So the rumor is that a lot of big names are leaving the N&O. And a lot of big changes are coming.
The biggest change: Reporters will be evaluated by their clicks. By how many online clicks their stories get.
Not news. Not scoops. Not great reporting or writing. Not solid, sustained coverage of dull things like government.
Clicks! Which probably involves sex or scandal or something equally sensational.
This is why those old-style readers who sat down to breakfast with their old-style print N&O Tuesday found this story on Page One: “This is why your Facebook feed is full of clues about finding painted rocks.”
But don’t blame the folks at the N&O. Or even their bottom line-obsessed owners.
They’re giving us what we (apparently) want.
Now, that’s frightening.
Only a rare politician can resist it and no politician can cure it;—I first laid eyes on it twenty-six years ago when Jack Hawke asked me to drive over to Republican Headquarters for a meeting with a dozen legislators; an hour later standing around a conference room table covered with maps a legislator – enthusiastically waving his arms – explained he’d found a way to draw not two but three Black Congressional Districts.
Heads nodded. Smiles spread across faces. Not because they wanted to elect three Black Congressmen but because packing Black voters into three districts meant electing Republicans in 6 or 8 other districts.
I pointed to the maps.
“You’re drawing Congressional Districts based on racial quotas. I thought we Republicans were against quotas?”
The answer to my question was no. Emphatically. We Republicans were not against racial quotas when it came to drawing Congressional Districts – so I said: “Alright. But aren’t you doing just what you’ve condemned Democrats for doing for years?”
A flicker of unease shot around the table that quickly passed.
That Republican redistricting plan – 26 years ago – never saw the light of day: The Democrats killed it, passed their own equally one sided (in the opposite direction) plan, and twenty years crawled by before Republicans – in 2011 – finally got to draw the Districts they’d been dreaming of: And it worked. Next election the Republican Congressmen were elected and Republicans elected Super Majorities in the State House and Senate.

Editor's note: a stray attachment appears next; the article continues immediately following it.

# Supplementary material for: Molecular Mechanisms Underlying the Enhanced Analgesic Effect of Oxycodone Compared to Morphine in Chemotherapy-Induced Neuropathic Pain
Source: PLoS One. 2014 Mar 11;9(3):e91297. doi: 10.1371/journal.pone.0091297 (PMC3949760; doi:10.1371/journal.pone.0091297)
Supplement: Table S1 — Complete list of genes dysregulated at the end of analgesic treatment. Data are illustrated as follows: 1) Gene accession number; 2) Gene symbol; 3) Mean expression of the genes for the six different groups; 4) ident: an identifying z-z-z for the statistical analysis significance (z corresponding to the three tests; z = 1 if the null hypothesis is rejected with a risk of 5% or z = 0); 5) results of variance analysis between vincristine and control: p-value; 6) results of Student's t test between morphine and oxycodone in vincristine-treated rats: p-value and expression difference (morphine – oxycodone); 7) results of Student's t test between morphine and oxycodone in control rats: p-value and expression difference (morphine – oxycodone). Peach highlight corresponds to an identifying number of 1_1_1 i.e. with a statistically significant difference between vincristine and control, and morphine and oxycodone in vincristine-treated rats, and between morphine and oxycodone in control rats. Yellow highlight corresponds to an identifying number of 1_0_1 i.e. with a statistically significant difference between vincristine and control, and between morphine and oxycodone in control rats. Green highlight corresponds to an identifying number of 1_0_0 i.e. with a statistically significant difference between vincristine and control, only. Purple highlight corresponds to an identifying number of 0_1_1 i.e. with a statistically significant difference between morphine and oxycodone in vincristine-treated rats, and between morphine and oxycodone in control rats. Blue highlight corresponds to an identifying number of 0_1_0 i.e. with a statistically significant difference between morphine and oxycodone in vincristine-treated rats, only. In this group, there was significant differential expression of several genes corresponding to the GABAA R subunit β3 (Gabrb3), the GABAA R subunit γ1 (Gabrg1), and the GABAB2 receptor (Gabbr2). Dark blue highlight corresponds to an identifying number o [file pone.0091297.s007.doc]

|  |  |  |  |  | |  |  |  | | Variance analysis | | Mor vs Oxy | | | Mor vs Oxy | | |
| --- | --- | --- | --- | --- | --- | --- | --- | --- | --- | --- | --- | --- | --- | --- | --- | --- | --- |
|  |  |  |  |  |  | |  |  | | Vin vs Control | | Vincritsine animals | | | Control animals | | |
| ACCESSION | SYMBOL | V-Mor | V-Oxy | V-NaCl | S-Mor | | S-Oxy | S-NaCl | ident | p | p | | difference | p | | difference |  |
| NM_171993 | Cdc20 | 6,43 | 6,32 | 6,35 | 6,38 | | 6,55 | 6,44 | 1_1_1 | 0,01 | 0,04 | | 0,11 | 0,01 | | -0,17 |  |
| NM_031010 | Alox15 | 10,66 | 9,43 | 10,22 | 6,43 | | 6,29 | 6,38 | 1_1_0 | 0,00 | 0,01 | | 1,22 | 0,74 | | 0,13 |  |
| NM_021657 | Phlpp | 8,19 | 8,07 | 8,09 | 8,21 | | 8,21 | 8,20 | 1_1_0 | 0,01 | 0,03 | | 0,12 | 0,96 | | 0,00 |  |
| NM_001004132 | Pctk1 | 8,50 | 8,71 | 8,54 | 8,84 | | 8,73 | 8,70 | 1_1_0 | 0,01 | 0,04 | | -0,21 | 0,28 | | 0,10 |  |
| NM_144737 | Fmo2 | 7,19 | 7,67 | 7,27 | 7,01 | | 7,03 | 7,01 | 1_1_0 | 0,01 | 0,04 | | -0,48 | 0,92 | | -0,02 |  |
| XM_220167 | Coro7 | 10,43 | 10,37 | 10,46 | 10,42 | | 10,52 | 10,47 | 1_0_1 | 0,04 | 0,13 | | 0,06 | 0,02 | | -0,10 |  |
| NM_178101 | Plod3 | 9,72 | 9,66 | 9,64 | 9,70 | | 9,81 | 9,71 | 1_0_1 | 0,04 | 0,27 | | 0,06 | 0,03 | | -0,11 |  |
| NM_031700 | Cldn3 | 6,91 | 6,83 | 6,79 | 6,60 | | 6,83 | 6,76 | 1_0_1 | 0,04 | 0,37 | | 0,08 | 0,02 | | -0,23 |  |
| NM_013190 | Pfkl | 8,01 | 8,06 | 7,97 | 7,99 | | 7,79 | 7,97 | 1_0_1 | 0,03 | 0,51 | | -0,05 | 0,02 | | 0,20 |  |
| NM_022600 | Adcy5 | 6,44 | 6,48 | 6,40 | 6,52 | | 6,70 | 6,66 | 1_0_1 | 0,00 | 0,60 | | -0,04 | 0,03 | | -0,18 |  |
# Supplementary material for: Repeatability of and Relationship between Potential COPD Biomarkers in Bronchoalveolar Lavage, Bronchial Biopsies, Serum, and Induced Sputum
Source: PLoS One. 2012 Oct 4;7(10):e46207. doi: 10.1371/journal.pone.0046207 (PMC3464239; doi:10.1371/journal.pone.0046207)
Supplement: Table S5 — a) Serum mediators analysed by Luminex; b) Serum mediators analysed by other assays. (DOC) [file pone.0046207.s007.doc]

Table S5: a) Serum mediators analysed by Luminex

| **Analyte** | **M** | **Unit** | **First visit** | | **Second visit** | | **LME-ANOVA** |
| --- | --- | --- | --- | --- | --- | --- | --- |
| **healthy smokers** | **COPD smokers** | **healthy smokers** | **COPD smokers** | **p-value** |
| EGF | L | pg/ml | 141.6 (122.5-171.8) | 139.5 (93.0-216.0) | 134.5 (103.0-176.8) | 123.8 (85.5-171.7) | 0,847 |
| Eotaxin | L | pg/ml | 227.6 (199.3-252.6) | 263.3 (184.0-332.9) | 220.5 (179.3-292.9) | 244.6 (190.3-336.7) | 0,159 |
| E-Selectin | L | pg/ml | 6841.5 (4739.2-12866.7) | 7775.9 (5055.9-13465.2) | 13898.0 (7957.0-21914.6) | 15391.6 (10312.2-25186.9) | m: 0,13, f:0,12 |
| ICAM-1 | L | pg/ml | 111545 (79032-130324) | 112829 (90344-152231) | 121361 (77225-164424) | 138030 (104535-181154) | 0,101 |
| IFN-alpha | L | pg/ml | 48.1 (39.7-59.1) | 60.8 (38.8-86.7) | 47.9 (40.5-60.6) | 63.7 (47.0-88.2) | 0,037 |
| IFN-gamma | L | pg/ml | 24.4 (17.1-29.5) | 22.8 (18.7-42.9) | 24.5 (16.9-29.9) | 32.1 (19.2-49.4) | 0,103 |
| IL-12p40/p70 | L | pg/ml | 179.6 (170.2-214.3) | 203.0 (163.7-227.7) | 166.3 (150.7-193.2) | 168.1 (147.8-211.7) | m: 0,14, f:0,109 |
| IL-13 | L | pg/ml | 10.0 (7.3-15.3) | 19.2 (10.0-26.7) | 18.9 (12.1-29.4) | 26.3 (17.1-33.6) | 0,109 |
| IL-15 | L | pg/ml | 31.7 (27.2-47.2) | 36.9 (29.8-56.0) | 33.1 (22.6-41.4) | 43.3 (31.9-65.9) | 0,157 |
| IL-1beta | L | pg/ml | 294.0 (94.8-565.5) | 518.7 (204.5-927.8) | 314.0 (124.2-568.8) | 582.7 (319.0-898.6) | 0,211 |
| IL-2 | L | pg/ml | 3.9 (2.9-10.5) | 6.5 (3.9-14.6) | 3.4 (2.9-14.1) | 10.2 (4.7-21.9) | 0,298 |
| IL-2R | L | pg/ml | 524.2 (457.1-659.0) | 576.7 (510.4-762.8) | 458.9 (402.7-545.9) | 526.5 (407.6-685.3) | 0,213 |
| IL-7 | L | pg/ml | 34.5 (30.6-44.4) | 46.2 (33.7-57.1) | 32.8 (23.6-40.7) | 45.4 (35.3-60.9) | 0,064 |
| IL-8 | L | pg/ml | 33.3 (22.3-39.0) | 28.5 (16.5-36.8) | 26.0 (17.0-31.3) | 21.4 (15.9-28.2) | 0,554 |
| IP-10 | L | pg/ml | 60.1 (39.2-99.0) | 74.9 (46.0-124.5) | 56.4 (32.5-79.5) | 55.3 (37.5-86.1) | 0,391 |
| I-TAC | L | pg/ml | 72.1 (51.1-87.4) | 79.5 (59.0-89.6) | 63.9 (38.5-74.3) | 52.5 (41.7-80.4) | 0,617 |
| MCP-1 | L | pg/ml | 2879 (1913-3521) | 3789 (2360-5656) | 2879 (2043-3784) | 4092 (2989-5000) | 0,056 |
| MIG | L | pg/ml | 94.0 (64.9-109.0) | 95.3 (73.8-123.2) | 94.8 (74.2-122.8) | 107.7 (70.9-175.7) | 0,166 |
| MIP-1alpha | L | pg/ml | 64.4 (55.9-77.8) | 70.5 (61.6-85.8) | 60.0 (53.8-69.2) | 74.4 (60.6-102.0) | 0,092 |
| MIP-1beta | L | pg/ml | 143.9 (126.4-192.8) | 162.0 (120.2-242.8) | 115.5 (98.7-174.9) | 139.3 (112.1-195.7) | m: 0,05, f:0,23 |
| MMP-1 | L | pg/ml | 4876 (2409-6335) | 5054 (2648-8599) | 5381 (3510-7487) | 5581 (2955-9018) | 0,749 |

And the key to the whole plan was drawing Black Districts.
Which, back then, judges and politicians (in both parties) agree was a good thing to do. President Obama’s Justice Department even gave the Republicans’ redistricting plan its seal of approval.
But human nature walks a crooked road and, five years later, the same Federal Courts who’d ruled Black Districts were good rule the Republican Black Districts were bad (because they were too Black) – which meant the Republican mapmakers had to go back to the drawing board.
As it turned out, redrawing Black Districts wasn’t a difficult problem to solve at all: Republican mapmakers came up with a new theory called ‘Partisan Redistricting;’ this time they packed Democrats (instead of Blacks) into a few districts and that worked too: The outcome was the same. There wasn’t a dimes worth of difference between Racial Redistricting and Partisan Redistricting.
So now, up in Washington, the Supreme Court is about to hear a case about ‘Partisan Redistricting.’ That case is from Wisconsin but here’s an example of how ‘Partisan Redistricting’ works in North Carolina: In 2012 Republican candidates for Congress got 49% of the votes but 70% of the Congressmen elected were Republicans. So the Supreme Court Justices are going to try to figure out whether that’s legal or not and, if it’s not, where to draw a plum-line to stop it.
Is there a cure?
That’s like asking if there’s a cure for original sin. There is. But finding the strength to resist temptation will take more than judges or laws.
The Charlotte Observer says: “Carter Wrenn and Gary Pearce
don’t see eye-to-eye on many issues. But they both love North Carolina
and know its politics inside and out.”
Carter is a Republican.
Gary is a Democrat.
They met in 1984, during the epic U.S. Senate battle
between Jesse Helms and Jim Hunt. Carter worked for Helms and Gary,
Years later, they became friends. They even worked together on some nonpolitical clients.
They enjoy talking about politics. So they started this blog in 2005.
They’re still talking. And they invite you to join the conversation.